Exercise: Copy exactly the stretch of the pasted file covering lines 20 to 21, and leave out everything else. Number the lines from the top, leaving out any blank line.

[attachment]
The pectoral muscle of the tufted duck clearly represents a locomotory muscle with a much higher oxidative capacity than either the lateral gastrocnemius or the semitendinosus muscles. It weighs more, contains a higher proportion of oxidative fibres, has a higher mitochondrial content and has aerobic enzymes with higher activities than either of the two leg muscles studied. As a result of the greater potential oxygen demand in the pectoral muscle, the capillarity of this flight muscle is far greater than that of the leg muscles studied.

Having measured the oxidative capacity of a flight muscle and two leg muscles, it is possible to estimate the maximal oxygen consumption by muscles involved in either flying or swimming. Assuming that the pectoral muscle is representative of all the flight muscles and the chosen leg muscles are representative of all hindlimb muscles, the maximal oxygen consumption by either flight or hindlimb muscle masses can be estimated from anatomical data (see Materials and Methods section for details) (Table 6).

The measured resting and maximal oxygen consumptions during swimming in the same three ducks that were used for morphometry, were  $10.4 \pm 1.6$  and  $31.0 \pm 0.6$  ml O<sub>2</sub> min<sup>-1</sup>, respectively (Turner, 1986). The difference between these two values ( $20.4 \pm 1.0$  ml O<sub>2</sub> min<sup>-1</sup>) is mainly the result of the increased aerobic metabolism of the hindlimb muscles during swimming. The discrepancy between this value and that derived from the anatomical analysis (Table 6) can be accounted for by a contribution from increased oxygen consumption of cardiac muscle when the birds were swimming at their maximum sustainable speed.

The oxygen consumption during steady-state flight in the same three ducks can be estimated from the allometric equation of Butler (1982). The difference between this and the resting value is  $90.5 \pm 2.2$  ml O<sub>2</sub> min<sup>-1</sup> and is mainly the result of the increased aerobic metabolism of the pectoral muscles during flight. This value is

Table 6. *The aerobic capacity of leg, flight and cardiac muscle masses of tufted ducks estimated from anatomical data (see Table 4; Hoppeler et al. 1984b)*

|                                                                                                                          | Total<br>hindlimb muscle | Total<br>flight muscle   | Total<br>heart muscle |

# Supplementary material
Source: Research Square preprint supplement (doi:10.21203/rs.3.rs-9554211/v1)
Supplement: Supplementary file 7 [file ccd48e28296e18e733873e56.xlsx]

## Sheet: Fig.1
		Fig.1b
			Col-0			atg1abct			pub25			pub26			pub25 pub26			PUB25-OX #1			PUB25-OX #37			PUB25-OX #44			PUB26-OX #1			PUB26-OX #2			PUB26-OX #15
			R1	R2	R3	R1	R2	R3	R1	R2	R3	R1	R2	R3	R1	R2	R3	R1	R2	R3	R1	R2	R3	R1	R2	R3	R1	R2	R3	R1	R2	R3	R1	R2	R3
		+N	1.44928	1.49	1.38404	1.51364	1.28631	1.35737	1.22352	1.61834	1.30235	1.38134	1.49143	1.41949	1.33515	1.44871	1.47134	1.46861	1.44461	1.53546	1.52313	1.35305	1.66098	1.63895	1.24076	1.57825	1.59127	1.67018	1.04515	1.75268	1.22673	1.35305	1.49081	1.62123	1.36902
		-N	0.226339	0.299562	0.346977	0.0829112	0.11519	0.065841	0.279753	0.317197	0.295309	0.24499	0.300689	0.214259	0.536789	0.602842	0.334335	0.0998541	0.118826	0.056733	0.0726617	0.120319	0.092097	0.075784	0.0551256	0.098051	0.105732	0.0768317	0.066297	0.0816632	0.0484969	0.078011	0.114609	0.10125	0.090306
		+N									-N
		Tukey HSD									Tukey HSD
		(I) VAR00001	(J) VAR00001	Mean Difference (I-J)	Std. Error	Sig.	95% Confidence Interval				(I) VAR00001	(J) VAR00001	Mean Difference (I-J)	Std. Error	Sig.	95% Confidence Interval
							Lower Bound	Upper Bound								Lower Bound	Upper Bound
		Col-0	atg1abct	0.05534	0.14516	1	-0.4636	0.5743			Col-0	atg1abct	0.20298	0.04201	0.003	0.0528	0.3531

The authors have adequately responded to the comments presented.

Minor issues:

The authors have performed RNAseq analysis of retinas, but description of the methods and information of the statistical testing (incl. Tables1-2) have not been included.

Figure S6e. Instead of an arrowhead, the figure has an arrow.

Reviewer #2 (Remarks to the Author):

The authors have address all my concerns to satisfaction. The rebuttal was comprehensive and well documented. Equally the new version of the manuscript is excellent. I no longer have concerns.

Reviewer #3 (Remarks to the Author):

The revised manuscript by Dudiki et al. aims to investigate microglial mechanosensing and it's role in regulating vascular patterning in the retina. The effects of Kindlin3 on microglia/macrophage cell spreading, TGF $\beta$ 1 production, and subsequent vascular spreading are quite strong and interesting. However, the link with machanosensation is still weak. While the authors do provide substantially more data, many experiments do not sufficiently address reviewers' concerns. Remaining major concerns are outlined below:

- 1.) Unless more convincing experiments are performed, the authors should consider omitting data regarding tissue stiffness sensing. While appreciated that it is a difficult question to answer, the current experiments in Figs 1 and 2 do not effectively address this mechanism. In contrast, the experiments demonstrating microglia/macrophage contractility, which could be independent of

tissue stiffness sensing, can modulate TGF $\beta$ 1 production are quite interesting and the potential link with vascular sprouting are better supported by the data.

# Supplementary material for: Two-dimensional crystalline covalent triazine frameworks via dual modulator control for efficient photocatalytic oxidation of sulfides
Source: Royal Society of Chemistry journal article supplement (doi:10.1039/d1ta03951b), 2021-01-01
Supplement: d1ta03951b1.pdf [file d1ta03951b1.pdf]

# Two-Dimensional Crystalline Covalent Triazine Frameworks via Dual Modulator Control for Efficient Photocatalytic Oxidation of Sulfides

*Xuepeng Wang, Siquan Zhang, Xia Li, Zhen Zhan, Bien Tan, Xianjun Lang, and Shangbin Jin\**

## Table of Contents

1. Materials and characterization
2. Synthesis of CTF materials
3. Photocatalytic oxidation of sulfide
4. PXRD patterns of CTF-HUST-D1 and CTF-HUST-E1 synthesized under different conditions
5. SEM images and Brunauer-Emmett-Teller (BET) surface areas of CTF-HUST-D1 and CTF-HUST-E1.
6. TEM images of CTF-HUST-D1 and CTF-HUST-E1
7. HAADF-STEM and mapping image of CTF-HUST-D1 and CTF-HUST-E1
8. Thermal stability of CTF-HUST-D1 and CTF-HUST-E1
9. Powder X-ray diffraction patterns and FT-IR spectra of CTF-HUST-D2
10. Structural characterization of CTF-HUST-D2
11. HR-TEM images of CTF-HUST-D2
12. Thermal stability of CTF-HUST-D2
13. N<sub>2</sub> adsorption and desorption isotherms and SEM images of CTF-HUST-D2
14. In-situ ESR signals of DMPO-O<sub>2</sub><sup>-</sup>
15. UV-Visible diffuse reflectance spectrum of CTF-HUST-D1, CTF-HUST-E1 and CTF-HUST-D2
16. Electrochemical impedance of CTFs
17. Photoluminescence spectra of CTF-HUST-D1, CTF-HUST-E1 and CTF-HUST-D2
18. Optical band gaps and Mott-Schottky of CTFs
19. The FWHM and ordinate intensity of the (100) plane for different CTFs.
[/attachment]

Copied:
		Col-0	atg1abct	0.05534	0.14516	1	-0.4636	0.5743			Col-0	atg1abct	0.20298	0.04201	0.003	0.0528	0.3531

The authors have adequately responded to the comments presented.